There’s a scene in Triple Threat where Tony Jaa fights Scott Adkins, then Tony Jaa and Iko Uwais fight Scott Adkins, then Tony Jaa fights Scott Adkins solo again. A scene. Actually, not even a scene, it’s a sequence within a scene. If that’s not enough to convince you to watch a movie, keep reading, I’ll try harder.
In addition to Jaa, Uwais, and Adkins, Triple Threat collects most of the other top cinematic martial arts practitioners currently working today under one banner. This includes Tiger Hu Chen (Man of Tai Chi), JeeJaa Yanin (Chocolate), Michael Jai White (Blood and Bone), and former UFC champ Michael Bisping (xXx: Return of Xander Cage). Marko Zaror, Yayan Ruhian, and Joe Taslim must have been busy.
The plot is little more than an excuse to throw these badasses at one another and let them duke it out for our amusement. For instance, Tony Jaa and Iko Uwais throw down for the first time within ten minutes—we also get Uwais versus Chen, Yanin versus Uwais, Chen versus Bisping, Jai White versus various players, and more or less every possible combination punching and kicking each other in the face. Every aspect of this movie serves as a delivery system for rib-punching, face-kicking brawls. As you might imagine given this collection of talent, the action more than delivers on a thrilling, visceral level.
Which is good, because the narrative is garbled nonsense gibberish. When a billionaire heiress (Celina Jade, Arrow) becomes the targets of an international crime syndicate, a team of unlikely mercenaries (Jaa, Uwais, and Chen) must team up to stop the team of assassins hired to kill her (Adkins, Jai White, Bisping, Yanin).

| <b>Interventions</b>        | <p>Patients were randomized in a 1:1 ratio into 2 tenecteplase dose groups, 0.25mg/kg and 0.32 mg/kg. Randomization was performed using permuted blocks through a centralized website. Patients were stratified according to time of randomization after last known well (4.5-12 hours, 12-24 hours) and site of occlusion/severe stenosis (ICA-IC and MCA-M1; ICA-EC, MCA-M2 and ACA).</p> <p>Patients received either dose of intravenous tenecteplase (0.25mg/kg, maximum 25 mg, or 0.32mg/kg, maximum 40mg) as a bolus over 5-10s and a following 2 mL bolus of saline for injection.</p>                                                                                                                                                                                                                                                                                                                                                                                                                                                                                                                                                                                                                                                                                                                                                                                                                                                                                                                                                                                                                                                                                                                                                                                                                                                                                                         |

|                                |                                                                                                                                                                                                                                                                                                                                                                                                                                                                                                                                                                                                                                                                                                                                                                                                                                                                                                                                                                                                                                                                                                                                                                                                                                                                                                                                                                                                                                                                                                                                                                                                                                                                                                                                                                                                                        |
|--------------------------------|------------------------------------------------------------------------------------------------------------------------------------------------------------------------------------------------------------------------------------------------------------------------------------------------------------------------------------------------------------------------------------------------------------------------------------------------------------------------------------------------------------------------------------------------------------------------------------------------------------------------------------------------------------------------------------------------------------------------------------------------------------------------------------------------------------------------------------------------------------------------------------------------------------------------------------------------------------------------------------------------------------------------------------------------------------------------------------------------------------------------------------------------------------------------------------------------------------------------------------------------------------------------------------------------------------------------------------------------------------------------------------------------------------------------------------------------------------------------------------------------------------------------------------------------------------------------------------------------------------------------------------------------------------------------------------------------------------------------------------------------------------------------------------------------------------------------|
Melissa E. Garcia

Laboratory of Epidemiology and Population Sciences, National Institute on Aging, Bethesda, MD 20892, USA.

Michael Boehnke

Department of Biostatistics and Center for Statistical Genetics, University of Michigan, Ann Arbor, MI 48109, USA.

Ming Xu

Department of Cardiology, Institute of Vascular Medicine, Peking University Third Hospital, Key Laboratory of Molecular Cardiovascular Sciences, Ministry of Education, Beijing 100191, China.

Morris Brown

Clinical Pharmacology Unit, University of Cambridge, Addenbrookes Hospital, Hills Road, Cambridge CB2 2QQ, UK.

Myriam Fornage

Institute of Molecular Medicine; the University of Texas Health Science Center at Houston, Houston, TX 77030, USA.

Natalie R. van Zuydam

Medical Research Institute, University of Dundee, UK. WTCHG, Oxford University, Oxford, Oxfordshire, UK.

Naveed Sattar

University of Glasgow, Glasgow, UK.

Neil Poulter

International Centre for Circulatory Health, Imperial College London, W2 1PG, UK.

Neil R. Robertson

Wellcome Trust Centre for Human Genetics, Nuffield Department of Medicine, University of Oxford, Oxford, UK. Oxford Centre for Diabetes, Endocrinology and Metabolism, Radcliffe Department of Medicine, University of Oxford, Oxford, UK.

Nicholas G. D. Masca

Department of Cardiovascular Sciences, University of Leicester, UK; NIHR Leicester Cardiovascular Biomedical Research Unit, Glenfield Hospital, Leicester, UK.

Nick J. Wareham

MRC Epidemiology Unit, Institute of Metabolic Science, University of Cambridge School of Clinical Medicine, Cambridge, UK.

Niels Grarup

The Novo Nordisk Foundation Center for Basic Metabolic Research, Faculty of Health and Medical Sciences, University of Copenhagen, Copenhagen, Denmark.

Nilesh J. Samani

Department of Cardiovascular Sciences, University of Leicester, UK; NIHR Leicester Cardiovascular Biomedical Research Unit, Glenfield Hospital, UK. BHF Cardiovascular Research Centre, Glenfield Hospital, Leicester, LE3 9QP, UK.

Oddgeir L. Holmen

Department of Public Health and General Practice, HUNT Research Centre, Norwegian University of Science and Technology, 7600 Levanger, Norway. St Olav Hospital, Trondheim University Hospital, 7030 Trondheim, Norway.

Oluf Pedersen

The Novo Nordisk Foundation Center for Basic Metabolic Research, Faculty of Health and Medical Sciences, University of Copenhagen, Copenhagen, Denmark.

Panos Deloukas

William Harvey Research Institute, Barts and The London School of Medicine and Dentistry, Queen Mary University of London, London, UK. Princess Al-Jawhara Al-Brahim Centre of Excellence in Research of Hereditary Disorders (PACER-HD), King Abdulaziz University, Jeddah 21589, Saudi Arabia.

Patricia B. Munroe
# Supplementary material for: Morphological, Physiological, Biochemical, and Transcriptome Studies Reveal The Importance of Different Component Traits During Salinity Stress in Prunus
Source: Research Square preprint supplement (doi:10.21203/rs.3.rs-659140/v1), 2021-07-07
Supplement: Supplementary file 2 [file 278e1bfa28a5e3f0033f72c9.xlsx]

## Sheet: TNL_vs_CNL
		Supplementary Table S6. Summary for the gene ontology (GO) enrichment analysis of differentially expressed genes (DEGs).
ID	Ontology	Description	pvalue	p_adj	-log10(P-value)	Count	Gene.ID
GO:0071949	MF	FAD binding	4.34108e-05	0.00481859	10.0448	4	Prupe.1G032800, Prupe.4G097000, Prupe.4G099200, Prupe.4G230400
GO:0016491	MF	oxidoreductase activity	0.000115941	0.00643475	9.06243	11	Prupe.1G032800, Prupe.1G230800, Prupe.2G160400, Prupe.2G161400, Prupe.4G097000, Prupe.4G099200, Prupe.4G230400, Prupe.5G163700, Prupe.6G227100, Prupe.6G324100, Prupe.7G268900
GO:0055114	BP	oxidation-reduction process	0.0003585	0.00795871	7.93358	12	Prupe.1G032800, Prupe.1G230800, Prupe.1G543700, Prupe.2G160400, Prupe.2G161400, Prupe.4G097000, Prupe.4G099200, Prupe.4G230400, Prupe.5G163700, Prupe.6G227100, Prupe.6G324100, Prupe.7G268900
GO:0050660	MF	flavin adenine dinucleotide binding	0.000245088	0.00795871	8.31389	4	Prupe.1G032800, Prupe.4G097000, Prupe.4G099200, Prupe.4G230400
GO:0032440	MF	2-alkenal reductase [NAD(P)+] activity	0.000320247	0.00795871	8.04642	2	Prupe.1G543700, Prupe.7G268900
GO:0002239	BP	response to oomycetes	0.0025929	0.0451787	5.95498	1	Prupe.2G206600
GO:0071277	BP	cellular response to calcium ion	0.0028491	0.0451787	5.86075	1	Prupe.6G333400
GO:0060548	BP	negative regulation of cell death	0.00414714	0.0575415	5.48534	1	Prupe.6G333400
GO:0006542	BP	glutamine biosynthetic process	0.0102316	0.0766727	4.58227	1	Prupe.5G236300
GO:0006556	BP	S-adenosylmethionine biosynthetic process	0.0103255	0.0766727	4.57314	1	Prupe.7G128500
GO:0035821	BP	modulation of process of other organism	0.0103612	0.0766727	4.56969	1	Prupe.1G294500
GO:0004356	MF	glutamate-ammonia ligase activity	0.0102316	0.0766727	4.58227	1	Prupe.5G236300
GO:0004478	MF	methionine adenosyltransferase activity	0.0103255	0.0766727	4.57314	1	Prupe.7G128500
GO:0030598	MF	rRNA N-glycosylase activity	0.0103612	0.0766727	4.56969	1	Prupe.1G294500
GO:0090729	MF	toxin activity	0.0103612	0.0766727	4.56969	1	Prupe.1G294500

Sounds simple enough, right? And more than adequate connective tissue for a martial arts revenge actioner serving up one tussle after another. But the plot is absolutely one of the stupidest things I’ve ever seen. It’s a convoluted mess of double and triple and maybe even quadruple crosses. The characters somehow take the worst plan you’ve ever heard and pile it on top of an even worse strategy, multiple times. And the longer it goes, the more complicated, illogical, and absurd it becomes. Uneasy alliances and unlikely team ups are SOP for this kind of movie, but the script plops down the most asinine bullshit I’ve ever seen.
But lucky for everyone, story is not why anyone wants to watch Triple Threat. Veteran stunt performer and coordinator Tim Man (Ninja: Shadow of a Tear, Ong-Bak 2, and tons more) delivers phenomenal fight choreography, executed to perfection by the insanely skilled cast. Director Jesse V. Johnson (Savage Dog) has become the go-to for this type of gritty, DTV-style action and knows well enough to stand back and let these folks do their work. The level of brutality doesn’t touch things like The Night Comes for Us, but the fighting skill on display is superlative and second to none.
The acting isn’t particularly great—none of these people are most known as master thespians. It’s low-budget shines through from time to time—at one point, Adkins wears a terrible wig that makes him look like a cartoon cavemen. But Triple Threat knows precisely what it is and what its audience wants, and it comes fast and furious. For all the questionable motivations and head-scratching decisions characters make, it does not skimp on the on-screen fisticuffs, which more than deliver on the inherent potential. Come for the action, stay for the fights, and try to ignore the rest—if you can accomplish that, Triple Threat is exactly the movie it promises to be. Thank god for the little things. [Grade: B]